Now there’s a growing understanding that walkability is a mega-trend fueled by demographic changes (millennials not wanting to live in the suburbs, boomers downsizing), the economy (gas prices being volatile, walkable real estate performing better from an investment perspective), and growing consumer interest in healthy and sustainable lifestyles.
What puzzles you most about the industry?
It seems like every time I go to an Inman conference there is a panel called “The Death of the MLS” — so people keep predicting the death of the MLS, and they keep not dying!
What is the most important lesson you’ve learned about building a business since launching your company?
Passion. Many entrepreneurs think they’re going to create a startup and sell it to Google or Facebook in six months. But usually it takes longer and is harder than you anticipate. For me personally, my passion for the Walk Score mission keeps me extremely motivated and tenacious.
It’s something I could work on forever because I believe in the power of walkable neighborhoods to address our biggest problems like climate change, health, a strong economy and more. So when people tell me they want to do a startup that’s a new social network for pets (or whatever), I ask them if they are passionate enough about social networks for pets to work on it for five or 10 years. And anyway, pets can’t type, so I don’t recommend that startup idea.
What’s the most overrated real estate technology?
I’m a sucker for technology. I almost cried when the Apple Watch was unveiled because I loved it so much. The words “overrated” and “technology” don’t really exist together in my brain.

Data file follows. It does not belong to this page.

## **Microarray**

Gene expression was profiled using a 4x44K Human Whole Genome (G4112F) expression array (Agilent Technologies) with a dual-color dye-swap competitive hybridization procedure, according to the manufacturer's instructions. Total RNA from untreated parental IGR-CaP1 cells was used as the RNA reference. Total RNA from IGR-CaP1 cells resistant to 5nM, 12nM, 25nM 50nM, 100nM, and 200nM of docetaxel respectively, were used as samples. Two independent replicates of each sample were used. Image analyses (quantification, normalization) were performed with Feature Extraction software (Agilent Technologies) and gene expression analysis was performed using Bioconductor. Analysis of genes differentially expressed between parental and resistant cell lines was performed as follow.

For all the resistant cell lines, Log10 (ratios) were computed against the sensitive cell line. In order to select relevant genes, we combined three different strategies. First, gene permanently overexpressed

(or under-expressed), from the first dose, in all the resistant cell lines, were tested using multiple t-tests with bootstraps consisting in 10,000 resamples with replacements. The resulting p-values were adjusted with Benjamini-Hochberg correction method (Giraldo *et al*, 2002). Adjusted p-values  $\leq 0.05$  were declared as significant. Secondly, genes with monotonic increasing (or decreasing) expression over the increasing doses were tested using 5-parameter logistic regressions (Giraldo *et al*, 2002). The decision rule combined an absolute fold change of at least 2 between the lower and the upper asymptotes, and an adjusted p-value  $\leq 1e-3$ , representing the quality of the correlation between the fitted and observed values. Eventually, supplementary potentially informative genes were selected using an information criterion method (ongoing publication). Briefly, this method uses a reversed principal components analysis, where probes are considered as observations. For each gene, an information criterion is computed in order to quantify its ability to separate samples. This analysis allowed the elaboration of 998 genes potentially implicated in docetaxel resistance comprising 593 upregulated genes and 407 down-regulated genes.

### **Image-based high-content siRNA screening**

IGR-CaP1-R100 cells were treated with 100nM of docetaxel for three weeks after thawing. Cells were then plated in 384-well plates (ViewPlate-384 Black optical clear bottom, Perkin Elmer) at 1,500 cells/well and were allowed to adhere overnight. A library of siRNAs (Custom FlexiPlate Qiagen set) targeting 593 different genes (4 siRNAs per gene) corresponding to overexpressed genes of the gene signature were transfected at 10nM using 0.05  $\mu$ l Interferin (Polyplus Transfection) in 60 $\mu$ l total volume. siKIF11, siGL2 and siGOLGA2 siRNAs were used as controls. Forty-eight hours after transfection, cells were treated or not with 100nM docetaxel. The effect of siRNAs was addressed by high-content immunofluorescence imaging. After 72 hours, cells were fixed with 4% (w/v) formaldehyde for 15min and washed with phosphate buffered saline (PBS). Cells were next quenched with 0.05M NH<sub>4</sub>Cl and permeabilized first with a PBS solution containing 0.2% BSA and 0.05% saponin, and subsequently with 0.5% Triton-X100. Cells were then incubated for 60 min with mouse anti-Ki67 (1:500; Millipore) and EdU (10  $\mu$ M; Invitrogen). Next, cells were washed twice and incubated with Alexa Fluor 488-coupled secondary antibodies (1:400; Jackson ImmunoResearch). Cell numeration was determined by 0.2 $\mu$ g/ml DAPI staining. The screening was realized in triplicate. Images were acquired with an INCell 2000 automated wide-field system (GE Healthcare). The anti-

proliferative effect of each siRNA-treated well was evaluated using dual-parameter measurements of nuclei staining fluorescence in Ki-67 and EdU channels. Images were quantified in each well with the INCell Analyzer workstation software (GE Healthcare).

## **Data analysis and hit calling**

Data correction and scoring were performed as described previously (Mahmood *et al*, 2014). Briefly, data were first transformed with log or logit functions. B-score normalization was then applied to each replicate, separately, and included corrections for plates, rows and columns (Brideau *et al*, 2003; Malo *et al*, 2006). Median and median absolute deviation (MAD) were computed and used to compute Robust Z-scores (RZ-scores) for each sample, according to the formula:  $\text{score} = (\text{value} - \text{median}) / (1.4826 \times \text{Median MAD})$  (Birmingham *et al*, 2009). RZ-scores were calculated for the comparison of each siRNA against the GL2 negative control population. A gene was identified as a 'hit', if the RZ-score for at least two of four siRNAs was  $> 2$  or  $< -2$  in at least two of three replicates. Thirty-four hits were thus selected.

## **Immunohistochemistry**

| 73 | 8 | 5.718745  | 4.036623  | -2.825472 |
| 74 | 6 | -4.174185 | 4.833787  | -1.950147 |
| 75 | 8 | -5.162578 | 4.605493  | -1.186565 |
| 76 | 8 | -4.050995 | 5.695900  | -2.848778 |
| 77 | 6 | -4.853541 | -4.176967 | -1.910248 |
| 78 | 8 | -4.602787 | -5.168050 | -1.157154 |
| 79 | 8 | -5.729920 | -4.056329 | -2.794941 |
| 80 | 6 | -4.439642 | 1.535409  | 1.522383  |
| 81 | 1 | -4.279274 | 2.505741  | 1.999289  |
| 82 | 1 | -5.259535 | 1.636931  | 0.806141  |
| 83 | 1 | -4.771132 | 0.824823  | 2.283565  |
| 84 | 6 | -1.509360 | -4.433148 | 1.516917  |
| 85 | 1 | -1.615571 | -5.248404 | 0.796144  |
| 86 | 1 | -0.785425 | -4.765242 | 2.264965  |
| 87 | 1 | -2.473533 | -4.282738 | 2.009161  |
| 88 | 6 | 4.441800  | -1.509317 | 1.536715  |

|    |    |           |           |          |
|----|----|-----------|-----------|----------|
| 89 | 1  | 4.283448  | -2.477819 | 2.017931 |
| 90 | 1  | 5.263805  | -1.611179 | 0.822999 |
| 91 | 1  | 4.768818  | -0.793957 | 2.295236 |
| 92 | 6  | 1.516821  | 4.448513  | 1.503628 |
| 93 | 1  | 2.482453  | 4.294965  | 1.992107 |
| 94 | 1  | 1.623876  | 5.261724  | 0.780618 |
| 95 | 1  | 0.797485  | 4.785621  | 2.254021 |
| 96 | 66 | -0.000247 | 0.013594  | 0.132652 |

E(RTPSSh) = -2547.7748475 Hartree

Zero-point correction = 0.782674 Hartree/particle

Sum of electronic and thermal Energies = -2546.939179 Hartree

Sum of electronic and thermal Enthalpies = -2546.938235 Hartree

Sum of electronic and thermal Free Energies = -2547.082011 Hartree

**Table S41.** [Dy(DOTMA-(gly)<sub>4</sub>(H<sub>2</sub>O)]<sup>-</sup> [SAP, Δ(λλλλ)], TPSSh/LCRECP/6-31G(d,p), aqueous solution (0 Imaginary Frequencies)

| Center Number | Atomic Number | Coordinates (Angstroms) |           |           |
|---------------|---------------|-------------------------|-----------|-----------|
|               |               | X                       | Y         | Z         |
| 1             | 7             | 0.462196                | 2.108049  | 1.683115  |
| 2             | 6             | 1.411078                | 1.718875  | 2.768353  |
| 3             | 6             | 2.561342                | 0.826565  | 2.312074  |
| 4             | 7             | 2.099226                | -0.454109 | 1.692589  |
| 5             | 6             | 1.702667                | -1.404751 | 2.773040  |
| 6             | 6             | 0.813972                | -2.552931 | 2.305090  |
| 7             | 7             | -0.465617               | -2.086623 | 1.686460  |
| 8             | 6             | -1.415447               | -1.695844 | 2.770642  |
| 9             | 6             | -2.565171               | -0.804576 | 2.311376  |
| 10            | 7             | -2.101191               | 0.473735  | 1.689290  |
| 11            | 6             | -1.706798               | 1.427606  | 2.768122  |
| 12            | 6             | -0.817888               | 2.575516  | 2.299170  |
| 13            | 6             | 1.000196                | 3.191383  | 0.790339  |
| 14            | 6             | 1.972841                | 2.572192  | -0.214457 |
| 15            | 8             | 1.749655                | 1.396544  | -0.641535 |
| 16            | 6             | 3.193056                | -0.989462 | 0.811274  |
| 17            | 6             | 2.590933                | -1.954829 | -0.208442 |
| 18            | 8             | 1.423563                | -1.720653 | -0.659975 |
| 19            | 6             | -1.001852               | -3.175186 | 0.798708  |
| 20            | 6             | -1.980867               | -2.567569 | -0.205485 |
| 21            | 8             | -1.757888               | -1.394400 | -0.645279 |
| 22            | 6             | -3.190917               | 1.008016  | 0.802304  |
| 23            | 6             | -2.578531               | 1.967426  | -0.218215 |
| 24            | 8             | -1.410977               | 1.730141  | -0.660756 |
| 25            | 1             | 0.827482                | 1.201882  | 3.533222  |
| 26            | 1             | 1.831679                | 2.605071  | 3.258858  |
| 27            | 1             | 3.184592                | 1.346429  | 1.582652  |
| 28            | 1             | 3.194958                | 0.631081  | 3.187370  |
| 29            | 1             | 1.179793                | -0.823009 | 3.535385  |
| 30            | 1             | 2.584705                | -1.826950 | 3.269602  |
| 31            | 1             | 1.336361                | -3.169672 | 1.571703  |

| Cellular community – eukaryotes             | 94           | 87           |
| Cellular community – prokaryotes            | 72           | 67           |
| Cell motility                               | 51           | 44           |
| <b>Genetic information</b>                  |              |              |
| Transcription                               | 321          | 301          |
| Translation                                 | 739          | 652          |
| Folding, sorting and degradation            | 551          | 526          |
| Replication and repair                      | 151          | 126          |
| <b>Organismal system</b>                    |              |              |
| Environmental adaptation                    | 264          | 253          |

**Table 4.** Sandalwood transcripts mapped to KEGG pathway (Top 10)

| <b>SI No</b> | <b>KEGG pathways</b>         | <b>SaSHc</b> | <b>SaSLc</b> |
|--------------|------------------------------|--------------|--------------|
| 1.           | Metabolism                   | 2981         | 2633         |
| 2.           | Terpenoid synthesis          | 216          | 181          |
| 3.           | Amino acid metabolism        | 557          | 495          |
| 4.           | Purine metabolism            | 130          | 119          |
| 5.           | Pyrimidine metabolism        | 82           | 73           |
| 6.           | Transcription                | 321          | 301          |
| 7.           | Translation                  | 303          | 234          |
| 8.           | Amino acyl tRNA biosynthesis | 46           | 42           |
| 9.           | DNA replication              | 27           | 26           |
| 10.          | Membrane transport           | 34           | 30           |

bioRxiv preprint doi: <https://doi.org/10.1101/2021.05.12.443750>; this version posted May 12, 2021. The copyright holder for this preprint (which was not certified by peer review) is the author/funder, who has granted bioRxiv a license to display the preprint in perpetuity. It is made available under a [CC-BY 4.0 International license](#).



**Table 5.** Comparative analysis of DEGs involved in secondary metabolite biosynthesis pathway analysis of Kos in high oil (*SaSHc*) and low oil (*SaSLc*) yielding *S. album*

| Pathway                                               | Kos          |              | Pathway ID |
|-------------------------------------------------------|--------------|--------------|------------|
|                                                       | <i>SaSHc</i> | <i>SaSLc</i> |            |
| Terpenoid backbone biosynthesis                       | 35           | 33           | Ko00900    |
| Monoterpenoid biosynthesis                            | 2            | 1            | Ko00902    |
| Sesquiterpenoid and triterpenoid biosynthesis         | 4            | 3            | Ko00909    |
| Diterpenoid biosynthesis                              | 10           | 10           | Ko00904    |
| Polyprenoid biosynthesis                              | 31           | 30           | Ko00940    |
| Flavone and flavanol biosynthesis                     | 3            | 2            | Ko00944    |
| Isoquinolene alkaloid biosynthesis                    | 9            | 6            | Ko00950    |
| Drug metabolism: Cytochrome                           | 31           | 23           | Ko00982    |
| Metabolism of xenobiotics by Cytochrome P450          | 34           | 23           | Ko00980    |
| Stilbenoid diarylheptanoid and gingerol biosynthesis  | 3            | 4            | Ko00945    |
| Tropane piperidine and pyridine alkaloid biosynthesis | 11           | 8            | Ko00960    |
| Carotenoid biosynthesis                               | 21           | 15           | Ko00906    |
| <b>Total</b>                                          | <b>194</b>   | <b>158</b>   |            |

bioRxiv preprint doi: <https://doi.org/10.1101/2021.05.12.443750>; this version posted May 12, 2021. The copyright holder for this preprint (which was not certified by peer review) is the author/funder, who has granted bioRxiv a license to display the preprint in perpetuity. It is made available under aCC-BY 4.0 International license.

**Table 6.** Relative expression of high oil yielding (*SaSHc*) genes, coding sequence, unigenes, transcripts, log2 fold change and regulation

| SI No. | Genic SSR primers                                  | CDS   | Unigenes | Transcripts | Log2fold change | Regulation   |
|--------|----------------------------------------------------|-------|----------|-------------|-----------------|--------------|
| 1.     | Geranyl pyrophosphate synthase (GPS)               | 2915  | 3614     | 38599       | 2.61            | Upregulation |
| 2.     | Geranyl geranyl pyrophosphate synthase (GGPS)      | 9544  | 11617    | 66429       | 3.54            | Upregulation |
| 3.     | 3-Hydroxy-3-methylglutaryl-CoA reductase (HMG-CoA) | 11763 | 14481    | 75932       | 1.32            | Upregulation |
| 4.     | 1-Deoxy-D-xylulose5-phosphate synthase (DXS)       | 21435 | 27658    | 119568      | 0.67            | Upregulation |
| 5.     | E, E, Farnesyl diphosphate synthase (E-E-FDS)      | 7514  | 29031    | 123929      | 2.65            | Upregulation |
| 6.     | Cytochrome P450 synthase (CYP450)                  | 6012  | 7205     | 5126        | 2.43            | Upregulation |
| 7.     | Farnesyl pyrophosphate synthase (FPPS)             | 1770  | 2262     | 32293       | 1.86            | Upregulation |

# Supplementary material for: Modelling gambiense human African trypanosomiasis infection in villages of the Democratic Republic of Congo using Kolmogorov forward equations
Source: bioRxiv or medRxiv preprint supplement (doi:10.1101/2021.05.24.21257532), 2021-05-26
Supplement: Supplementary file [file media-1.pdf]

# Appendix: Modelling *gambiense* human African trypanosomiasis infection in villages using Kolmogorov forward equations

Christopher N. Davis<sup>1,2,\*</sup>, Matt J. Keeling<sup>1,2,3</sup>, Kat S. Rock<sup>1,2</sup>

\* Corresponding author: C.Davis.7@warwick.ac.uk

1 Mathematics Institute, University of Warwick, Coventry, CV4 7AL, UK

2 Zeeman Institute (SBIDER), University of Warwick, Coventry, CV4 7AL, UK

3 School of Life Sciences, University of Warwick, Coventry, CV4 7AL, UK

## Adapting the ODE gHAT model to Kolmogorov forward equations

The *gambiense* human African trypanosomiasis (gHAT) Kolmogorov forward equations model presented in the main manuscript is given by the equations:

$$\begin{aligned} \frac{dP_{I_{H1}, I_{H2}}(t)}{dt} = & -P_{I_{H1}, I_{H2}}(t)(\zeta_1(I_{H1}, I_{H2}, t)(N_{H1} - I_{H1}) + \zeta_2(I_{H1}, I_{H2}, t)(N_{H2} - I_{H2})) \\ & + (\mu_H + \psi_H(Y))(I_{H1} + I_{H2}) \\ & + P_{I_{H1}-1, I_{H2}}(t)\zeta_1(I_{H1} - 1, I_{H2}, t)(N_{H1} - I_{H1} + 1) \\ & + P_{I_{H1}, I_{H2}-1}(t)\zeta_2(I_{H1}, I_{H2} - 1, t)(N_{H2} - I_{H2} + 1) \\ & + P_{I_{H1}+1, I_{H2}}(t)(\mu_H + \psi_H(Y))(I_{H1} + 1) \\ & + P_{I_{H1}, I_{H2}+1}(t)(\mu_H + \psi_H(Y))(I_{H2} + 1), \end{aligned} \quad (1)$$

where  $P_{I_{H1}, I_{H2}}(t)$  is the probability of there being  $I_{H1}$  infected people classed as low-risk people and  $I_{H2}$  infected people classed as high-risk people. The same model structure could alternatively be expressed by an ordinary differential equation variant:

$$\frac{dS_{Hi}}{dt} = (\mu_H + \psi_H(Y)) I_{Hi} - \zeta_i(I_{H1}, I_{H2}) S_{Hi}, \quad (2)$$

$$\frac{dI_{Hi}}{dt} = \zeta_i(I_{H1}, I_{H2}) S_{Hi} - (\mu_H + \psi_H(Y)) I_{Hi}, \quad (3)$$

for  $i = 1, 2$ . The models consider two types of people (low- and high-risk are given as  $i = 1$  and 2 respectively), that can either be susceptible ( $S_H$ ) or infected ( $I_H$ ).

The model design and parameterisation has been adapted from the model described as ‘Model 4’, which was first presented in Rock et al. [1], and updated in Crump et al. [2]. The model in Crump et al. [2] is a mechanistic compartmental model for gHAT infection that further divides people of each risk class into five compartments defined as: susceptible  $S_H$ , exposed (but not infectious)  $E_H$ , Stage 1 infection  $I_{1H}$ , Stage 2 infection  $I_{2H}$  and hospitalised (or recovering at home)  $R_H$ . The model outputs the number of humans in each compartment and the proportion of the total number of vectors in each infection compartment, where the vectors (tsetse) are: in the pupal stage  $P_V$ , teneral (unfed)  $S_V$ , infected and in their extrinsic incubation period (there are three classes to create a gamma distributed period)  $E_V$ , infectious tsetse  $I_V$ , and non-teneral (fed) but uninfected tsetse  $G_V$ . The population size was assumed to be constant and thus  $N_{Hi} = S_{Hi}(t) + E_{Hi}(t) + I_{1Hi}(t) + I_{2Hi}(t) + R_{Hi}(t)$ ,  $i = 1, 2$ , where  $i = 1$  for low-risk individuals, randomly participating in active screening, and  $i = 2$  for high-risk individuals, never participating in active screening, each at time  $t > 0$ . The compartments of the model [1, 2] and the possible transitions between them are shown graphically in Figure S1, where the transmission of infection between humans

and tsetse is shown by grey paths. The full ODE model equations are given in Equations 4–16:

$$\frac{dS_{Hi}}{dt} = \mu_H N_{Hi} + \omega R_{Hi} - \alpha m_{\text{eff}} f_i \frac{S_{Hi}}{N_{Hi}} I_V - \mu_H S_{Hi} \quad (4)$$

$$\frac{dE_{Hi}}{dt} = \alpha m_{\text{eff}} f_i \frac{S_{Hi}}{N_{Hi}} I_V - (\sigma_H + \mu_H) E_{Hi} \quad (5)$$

How will the role of the real estate agent change over the next five years?
The convenience of services like Amazon Prime or Uber is incredible, and only getting more incredible as delivery times shrink. In order to deliver Amazon-like or Uber-like customer experiences, I think we’ll see teams of real estate agents working together with technology to deliver near-instant service to their clients.
I also think we’ll see much more consumer-friendly versions of things like mortgages, which for most people are less enjoyable than walking on hot coals and more mysterious than a UFO sighting in New Mexico.
What motivates you more: power or money?
Mwwwaaa hah hah … power (Mr. Burns voice from “The Simpsons”). Just kidding, I’m a mission-driven guy. I want to make a difference in the world that I believe in and am proud of.
So the mission of what I’m working on is a lot more important to me than either of those things. But dang, the walkable neighborhoods I want to live in are getting really expensive because so many people want to live in them — so I guess I have to pay some attention to the money part!
What is your biggest professional fear?
Industry consolidation and the big players making it harder for startups to compete. For example, the mobile app store dynamics are very different from the web. On the Web, there’s a very long tail of traffic that a startup can go after. In the app store, there are winner-take-all dynamics where it’s hard to compete with the biggest players. This is what keeps me up at night.
What is your biggest personal fear?
I have an incredible wife and amazing 7- and 5-year-old boys. Am I spending enough time with them? Am I spending enough time with parents as they get older? Am I balancing my life in the right way? Will I have regrets that I spent too much time working? These are tough questions during startup life.
Whom do you respect most in the industry?
All of the people who are out there looking to buy a place that they can call home. I have tremendous respect for all the consumers who are trying to navigate the overly complex process of buying or selling a house. The real estate industry has a long and complex history (kind of like the taxi cab industry before Uber), so we better disrupt ourselves before someone else disrupts us!